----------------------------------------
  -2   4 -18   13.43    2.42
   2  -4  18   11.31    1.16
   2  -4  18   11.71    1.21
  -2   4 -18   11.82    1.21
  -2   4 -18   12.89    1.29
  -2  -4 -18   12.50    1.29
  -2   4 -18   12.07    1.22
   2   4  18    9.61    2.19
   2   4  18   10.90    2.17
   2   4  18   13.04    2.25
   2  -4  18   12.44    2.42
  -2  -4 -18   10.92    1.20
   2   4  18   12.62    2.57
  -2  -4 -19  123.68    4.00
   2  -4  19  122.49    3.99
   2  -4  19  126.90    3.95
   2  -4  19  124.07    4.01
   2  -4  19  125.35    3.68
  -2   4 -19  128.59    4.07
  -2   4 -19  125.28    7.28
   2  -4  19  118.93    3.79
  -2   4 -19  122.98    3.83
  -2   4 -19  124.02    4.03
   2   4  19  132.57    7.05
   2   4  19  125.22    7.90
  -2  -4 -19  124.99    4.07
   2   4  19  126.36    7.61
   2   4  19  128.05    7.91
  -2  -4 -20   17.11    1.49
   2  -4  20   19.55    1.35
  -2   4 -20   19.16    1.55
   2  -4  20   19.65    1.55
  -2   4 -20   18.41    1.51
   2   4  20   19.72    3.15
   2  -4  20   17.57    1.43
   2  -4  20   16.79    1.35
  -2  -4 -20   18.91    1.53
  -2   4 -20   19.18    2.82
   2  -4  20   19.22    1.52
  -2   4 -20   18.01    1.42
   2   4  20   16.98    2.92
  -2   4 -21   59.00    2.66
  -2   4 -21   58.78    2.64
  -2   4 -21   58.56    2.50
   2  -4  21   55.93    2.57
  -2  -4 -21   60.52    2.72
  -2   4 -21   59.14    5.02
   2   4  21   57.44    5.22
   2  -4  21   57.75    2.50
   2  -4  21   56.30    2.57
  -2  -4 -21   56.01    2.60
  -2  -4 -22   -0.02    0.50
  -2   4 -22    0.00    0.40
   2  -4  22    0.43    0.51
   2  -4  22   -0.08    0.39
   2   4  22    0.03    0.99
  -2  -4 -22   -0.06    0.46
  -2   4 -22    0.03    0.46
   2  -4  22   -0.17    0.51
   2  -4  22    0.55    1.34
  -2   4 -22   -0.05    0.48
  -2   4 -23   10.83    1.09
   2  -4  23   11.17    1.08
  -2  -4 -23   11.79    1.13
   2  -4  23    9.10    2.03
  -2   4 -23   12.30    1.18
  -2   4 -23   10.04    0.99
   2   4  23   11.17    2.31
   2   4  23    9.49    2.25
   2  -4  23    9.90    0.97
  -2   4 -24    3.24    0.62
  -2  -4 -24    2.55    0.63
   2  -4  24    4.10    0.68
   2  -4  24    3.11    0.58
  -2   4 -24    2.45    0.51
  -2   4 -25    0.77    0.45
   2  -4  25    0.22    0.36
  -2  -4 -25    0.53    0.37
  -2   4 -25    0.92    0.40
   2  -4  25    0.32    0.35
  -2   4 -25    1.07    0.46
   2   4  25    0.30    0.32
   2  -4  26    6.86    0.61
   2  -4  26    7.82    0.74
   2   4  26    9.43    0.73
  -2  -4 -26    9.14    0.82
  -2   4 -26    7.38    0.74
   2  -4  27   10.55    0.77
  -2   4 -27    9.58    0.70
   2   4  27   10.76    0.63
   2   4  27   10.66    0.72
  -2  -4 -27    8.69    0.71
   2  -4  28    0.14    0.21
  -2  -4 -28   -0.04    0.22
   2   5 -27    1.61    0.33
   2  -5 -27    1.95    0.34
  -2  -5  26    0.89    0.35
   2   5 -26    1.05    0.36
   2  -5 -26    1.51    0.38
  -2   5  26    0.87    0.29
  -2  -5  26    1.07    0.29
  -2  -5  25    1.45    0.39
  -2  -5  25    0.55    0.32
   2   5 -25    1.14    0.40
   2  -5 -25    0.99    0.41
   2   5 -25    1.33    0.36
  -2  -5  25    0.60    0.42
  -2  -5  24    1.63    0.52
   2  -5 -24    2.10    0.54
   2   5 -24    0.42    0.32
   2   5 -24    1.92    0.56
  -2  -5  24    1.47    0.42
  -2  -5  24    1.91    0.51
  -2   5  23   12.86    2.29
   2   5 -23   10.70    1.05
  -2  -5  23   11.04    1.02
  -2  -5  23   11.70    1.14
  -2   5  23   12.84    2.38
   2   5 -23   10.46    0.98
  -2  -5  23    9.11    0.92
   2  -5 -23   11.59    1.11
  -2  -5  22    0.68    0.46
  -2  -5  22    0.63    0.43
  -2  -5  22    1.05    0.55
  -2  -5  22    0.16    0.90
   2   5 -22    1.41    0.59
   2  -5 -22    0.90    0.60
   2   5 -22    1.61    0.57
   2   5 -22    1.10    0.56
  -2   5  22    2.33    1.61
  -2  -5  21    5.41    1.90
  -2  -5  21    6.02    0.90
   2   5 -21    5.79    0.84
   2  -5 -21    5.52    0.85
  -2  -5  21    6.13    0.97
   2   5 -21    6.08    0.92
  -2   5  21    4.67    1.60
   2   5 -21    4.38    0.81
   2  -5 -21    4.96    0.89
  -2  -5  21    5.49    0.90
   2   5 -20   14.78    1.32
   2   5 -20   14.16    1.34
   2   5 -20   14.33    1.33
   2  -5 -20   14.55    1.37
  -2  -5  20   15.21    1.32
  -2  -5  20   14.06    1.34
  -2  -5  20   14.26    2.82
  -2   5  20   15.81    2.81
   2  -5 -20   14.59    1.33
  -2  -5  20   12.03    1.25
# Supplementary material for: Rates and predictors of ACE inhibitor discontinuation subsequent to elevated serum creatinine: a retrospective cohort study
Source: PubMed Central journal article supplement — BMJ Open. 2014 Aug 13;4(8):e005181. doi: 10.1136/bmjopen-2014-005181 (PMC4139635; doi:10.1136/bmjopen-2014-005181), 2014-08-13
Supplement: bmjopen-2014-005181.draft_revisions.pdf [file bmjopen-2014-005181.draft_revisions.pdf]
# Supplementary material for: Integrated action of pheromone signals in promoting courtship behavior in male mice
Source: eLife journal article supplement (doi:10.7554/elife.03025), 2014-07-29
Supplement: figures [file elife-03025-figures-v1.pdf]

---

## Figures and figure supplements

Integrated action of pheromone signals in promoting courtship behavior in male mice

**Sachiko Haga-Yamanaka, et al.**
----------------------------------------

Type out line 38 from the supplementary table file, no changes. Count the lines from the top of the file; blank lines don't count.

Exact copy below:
  -2   4 -20   19.18    2.82